Agile manifesto (reminder)

Here is a quick reminder of the Agile Manifesto’s content from 2001, followed by some examples with code, doc, charts, and tasks (classic VS agile way).
agile-logo

Content

  • Manifesto
  • Examples

Manifesto

Manifesto for Agile Software Development (2001)

We are uncovering better ways of developing
software by doing it and helping others do it.
Through this work we have come to value:

- Individuals and interactions over processes and tools
- Working software over comprehensive documentation
- Customer collaboration over contract negotiation
- Responding to change over following a plan

That is, while there is value in the items on
the right, we value the items on the left more.

You can read more at “Twelve Principles of Agile Software“.

Comment

Some people think that Agile means “no documentation”, “no obligation to the client”, “no planning”.

It’s false.

As the authors said, “we value the items on the left more“, more doesn’t mean only/not-the-others.


Examples

You can see Agile like this:ScreenShot012.png


1. Individuals and interactions over processes and tools

Example with task management:

Instead of using a dedicated software like JIRA at start, with accounts, hosting, user training, etc.

ScreenShot007.png

You can just use post-it on a wall, let people move it themselves. Then change this process/tool later on if needed, as the project grow.

ScreenShot006.png


2. Working software over comprehensive documentation

Example with Java code:

Instead of doing this classic POJO.

/**
 * The object containing the value.
 */
public class ClassicClass {

	/**
	 * The value
	 */
	private String value;

	/**
	 * Getter for value.
	 * @return the value
	 */
	public String getValue() {
		return value;
	}

	/**
	 * Setter for value.
	 * @param value the value to set
	 */
	public void setValue(String value) {
		this.value = value;
	}

}

You can use the same amount of time doing this:

/**
 * Value Object.
 * The value is mandatory, and read-only.
 */
public class AgileClass {

	private String value;

	public String getValue() {
		return value;
	}

	public AgileClass(String requiredValue) {
		if(requiredValue== null | requiredValue.isEmpty())
			thorw new IllegalArgumentException("value must not be empty!");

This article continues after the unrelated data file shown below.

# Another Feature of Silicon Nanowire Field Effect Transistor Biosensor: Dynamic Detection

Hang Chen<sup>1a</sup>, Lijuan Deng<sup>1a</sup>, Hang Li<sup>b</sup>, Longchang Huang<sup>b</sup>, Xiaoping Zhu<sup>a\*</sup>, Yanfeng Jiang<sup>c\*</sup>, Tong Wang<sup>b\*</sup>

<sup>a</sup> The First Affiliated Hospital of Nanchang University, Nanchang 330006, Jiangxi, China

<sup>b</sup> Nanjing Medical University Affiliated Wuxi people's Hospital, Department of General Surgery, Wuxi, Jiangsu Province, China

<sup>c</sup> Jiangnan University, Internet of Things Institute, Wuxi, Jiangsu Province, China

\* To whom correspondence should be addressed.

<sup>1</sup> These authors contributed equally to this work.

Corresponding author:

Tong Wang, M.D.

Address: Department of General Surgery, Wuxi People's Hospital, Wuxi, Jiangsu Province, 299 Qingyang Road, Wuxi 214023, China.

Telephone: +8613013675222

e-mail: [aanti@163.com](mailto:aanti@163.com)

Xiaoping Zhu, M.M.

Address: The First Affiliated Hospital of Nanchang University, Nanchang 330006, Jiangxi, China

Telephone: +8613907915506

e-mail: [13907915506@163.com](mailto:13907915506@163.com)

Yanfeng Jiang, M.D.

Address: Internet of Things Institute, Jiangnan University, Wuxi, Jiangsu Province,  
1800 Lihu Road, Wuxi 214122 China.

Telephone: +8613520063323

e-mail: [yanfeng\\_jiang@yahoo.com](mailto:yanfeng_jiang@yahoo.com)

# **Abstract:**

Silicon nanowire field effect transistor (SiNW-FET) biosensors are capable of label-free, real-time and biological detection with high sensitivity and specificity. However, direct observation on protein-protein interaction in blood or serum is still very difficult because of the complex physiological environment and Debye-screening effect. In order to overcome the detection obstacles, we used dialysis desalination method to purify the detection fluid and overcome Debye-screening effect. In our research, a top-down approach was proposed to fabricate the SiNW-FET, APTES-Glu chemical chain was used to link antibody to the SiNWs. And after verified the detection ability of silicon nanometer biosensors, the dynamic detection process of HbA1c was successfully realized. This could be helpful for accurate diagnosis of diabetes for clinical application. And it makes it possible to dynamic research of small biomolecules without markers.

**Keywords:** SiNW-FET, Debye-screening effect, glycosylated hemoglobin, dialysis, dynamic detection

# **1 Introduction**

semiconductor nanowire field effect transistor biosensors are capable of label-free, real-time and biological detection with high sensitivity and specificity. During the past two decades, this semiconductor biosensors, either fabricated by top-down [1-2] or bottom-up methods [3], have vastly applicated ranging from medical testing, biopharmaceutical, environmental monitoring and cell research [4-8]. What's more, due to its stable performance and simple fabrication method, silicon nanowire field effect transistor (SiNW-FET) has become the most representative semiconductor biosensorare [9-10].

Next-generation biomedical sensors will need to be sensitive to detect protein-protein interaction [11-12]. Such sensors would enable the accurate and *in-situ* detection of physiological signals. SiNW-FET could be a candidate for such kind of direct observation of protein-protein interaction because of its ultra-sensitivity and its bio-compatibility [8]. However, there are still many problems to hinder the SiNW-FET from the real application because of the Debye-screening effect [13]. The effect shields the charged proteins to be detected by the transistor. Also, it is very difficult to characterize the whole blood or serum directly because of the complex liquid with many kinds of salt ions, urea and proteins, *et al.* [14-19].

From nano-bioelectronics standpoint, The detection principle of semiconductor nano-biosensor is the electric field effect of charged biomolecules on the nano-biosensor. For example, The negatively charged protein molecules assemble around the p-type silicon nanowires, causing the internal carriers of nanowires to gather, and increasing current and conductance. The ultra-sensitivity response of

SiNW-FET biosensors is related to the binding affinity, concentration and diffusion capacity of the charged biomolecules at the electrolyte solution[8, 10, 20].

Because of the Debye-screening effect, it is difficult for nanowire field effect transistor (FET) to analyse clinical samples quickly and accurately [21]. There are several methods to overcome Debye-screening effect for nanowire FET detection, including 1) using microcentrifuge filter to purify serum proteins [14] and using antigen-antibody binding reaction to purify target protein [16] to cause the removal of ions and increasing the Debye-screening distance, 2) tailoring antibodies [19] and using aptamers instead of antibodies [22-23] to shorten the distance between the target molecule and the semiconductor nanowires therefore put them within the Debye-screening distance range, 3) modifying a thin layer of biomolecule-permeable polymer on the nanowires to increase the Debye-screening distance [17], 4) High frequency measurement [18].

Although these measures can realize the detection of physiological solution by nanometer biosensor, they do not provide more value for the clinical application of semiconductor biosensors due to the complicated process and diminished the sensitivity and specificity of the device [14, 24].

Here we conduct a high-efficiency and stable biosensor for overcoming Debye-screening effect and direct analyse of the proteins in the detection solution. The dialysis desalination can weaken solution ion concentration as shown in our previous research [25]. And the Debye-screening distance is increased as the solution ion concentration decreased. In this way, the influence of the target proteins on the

this.value = requiredValue;
	}
}

It has stronger code (null check, not setter), auto-documented (requiredValue name), with only relevant documentation (class header)


3. Customer collaboration over contract negotiation

Example with features:

Instead of doing all features requested by your client without hesitation.

ScreenShot017.png

1. Authent
2. Profile
3. Profile Notification
4. Display Business model 1
6. Display Business model 2

You can : Ask him which are the keyfeatures and start only with it, then show him how much each of them cost, and let him decide if some of them are really mandatory for him (it’s not always the most expensive feature that adds the most value)

ScreenShot018.png

1. Display Business model 1-1 (8 pts)
2. Display Business model 2 (5 pts)
3. Authent (5 pts)
4. Display Business model 1-2 (13 pts)
5. Profile (3 pts)
(6. Profile Notification (8 pts))

4. Responding to change over following a plan

Example with project delay change:

Instead of just reevaluating tasks randomly.

ScreenShot016.png

You can evaluate the project feasibility over time (using the burndown chart). Then remove/transform/add features or stop the project before it’s too late.

ScreenShot013.png


Reference

http://agilemanifesto.org/

https://en.wikipedia.org/wiki/Agile_software_development#The_Agile_Manifesto

https://en.wikipedia.org/wiki/Burn_down_chart

Source

https://github.com/DamienFremont/blog/tree/master/20171110-agile-manifesto-reminder

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